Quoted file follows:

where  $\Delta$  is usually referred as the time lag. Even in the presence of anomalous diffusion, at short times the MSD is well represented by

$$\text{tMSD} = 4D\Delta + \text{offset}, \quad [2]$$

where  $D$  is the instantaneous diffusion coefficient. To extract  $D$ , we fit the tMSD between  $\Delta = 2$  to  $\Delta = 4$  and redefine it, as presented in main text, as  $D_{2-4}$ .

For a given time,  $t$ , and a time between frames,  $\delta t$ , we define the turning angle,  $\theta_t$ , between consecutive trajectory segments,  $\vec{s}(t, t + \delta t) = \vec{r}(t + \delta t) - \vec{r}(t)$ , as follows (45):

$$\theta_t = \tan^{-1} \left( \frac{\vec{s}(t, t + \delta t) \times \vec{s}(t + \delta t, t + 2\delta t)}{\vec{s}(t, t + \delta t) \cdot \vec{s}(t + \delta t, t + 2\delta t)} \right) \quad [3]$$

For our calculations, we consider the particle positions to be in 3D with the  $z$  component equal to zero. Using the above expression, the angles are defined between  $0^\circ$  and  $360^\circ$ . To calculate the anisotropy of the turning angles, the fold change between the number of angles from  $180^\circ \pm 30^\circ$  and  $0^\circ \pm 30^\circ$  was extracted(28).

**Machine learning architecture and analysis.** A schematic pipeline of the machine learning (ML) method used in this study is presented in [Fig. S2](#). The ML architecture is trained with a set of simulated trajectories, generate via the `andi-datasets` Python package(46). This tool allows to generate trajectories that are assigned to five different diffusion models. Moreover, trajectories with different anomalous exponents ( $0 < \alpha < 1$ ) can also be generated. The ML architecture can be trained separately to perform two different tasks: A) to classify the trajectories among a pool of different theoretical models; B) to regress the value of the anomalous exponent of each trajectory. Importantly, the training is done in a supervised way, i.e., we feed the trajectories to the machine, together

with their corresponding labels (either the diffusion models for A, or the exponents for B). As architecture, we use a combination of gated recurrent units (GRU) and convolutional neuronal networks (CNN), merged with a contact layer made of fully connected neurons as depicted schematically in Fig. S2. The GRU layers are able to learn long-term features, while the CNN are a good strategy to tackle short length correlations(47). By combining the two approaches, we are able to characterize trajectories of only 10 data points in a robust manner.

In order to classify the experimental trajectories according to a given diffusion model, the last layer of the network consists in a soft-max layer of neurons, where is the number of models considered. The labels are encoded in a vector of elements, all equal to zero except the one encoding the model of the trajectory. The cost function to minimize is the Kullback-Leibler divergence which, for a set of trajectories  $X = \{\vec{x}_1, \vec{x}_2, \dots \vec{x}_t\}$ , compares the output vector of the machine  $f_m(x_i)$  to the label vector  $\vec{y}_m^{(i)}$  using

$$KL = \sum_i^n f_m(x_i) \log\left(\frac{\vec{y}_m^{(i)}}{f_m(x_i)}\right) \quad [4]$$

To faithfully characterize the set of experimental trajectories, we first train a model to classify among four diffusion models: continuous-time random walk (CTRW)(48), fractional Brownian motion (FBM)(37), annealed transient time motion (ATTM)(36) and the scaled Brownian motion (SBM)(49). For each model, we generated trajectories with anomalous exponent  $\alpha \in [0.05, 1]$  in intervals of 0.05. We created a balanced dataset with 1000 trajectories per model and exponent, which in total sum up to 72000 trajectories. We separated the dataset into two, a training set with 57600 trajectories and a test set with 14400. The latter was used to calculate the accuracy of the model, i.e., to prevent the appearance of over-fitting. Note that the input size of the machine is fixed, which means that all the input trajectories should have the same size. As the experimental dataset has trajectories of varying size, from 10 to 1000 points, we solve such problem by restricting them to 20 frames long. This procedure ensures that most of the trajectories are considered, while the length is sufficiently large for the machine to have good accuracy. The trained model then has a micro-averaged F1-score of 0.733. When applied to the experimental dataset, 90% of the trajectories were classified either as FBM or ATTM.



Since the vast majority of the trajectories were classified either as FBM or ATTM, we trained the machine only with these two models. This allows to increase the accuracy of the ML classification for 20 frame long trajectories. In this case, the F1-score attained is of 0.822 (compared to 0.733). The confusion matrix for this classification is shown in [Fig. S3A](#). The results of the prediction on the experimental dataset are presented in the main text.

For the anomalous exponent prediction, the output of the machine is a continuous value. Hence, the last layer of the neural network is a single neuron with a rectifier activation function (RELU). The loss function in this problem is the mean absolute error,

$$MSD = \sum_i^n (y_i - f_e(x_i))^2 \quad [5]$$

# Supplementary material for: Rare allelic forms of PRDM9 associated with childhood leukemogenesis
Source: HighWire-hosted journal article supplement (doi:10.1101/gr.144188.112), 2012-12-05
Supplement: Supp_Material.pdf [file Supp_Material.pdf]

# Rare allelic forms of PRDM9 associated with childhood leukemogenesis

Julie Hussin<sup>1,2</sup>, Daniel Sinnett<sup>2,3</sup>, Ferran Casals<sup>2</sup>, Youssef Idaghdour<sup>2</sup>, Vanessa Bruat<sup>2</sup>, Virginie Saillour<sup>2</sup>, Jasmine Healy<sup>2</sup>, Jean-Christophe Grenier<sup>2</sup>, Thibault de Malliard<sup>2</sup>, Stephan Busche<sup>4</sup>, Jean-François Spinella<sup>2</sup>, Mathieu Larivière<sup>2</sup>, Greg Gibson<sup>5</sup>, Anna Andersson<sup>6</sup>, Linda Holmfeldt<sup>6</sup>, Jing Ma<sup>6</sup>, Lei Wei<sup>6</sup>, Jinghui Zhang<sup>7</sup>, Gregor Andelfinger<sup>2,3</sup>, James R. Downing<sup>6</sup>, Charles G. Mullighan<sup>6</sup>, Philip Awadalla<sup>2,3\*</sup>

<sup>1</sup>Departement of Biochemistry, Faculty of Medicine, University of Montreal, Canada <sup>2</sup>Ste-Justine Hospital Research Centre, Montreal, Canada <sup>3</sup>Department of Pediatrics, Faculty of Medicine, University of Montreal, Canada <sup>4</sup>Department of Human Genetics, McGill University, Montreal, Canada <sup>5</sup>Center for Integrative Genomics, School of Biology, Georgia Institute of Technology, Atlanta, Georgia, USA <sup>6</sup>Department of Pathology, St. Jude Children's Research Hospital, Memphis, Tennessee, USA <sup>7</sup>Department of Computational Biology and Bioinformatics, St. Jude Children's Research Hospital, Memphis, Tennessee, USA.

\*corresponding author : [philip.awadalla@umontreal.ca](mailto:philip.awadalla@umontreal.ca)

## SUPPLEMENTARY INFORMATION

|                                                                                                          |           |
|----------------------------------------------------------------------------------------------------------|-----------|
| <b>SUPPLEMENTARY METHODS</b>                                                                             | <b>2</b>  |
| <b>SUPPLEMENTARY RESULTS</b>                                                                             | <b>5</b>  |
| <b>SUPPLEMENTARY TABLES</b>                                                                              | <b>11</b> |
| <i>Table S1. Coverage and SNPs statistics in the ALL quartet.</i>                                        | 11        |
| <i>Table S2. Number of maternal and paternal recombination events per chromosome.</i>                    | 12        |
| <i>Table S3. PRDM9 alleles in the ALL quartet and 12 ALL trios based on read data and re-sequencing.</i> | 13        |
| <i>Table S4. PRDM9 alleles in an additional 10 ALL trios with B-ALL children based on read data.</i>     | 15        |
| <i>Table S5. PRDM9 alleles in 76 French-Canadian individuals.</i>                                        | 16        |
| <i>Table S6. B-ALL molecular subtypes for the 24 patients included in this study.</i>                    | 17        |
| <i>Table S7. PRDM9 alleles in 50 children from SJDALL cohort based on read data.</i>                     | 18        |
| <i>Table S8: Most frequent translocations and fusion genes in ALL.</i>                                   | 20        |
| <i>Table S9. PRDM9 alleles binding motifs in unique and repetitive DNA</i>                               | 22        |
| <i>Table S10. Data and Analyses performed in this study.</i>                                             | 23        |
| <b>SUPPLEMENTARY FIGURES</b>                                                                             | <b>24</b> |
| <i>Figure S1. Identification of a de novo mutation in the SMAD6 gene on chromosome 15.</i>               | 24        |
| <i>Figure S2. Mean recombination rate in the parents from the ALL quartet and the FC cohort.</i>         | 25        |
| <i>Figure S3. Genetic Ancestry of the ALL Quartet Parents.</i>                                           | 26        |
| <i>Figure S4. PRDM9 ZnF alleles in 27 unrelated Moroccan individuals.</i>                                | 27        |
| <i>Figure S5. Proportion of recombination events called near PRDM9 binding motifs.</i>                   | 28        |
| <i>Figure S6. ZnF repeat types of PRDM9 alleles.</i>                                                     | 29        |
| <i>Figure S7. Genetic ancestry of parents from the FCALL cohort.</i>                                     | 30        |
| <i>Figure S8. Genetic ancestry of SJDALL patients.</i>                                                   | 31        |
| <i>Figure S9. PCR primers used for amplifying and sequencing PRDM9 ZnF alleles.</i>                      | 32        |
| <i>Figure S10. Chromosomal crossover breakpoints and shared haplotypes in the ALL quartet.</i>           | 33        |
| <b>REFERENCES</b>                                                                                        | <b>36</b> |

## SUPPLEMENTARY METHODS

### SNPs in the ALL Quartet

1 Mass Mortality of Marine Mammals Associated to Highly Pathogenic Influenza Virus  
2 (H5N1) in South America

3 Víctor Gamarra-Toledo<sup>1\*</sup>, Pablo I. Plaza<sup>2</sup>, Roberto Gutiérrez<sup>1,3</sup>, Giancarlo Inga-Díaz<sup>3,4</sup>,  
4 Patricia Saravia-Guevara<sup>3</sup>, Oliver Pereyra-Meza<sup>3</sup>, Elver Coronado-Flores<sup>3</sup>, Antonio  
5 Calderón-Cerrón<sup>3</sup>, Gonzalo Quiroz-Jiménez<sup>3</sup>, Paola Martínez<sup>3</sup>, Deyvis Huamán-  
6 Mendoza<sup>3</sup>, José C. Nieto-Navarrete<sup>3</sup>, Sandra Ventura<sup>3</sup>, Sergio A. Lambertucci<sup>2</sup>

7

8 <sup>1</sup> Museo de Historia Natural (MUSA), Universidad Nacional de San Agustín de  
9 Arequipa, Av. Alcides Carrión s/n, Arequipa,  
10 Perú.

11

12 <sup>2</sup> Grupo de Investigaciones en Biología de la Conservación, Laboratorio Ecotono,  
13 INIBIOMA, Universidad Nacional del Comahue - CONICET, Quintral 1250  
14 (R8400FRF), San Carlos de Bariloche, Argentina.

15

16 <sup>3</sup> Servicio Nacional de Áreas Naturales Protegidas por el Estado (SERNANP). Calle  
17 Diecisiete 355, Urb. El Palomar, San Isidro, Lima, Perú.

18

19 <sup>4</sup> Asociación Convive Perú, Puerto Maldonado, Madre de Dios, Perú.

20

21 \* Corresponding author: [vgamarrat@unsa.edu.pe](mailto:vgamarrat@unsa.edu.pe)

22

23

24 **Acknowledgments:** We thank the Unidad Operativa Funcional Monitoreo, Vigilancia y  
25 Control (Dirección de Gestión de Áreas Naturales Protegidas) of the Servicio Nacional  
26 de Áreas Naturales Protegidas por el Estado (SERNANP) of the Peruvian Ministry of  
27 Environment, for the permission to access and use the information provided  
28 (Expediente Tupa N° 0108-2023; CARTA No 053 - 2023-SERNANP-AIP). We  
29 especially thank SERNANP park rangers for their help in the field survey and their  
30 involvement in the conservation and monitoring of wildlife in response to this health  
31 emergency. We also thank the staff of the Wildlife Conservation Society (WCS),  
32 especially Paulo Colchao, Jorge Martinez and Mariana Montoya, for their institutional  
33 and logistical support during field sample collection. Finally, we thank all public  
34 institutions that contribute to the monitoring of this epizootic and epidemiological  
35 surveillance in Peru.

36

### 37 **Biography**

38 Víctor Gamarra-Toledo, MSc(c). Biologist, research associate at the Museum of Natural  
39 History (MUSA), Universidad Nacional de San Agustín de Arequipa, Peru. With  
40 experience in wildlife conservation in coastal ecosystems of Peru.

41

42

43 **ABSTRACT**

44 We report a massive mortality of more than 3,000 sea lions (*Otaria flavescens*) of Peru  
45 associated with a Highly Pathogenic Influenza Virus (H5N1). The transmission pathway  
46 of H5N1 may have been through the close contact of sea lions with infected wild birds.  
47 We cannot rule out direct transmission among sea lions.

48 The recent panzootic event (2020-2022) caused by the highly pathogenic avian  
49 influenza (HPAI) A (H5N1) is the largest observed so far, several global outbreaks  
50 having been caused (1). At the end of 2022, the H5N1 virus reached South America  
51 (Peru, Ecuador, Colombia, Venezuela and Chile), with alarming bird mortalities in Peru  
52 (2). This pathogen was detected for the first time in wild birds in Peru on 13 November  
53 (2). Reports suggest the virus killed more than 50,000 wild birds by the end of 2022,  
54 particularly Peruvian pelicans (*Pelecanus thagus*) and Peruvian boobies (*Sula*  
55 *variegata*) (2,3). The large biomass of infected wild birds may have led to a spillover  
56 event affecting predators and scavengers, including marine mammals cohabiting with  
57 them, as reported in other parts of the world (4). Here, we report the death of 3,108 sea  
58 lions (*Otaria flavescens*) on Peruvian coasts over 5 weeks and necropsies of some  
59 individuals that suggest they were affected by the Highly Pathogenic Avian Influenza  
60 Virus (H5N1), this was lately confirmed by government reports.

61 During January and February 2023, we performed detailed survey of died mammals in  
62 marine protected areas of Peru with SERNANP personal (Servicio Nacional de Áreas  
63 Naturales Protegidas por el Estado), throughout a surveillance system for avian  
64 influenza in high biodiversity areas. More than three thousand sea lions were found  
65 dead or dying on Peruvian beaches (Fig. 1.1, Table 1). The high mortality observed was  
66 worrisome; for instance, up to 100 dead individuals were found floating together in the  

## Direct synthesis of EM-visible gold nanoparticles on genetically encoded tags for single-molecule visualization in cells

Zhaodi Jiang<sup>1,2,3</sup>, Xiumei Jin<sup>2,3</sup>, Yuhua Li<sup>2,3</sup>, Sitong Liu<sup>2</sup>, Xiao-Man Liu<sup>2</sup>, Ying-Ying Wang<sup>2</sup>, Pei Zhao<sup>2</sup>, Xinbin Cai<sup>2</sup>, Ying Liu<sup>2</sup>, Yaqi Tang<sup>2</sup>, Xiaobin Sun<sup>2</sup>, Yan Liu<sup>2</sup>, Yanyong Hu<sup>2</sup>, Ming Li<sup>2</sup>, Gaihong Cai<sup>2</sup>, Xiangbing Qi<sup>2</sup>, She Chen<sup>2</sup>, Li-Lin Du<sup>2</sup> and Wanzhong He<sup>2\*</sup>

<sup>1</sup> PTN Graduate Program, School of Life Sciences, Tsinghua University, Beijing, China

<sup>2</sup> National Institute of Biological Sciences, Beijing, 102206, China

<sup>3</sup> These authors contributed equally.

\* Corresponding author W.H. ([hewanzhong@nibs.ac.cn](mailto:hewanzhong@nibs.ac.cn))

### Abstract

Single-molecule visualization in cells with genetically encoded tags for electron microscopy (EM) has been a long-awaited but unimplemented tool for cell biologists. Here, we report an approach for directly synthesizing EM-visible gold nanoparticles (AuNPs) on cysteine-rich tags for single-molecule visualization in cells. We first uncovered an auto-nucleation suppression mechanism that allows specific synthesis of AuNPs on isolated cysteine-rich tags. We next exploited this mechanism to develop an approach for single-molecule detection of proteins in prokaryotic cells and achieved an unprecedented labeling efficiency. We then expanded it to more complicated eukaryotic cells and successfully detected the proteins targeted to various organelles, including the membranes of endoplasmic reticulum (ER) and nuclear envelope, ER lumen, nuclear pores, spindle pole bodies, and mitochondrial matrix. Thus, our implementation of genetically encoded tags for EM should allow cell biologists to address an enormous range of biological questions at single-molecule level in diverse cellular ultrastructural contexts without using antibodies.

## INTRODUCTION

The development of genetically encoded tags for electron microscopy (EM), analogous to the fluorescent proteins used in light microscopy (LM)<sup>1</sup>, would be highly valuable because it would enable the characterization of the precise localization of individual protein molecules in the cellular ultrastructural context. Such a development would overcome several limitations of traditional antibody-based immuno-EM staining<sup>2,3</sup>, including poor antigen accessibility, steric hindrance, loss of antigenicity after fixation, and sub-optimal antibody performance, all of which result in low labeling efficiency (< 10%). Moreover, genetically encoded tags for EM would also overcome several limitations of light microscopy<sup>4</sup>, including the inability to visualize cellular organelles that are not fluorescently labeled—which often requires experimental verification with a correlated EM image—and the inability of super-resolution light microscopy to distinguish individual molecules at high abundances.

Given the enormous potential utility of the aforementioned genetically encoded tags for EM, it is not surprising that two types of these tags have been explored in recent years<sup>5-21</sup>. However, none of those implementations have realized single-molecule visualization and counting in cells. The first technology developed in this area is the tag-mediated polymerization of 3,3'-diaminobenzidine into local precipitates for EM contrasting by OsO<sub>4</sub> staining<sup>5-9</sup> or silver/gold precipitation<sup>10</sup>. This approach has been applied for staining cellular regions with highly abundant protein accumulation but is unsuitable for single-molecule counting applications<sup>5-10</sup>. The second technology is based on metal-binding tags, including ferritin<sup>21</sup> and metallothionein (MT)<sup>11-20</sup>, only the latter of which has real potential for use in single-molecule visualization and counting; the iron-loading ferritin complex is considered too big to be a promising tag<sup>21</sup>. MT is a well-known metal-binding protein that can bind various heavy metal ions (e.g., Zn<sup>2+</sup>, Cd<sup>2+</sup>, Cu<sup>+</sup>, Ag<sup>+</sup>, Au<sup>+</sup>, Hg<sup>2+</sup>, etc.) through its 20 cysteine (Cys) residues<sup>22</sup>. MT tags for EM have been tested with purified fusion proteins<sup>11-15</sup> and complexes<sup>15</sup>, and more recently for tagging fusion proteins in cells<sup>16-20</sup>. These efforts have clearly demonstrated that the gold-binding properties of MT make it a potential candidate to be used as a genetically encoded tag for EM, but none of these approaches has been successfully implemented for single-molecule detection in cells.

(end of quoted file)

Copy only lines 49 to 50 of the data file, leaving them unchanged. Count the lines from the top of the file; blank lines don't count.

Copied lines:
| <b>REFERENCES</b>                                                                                        | <b>36</b> |

## SUPPLEMENTARY METHODS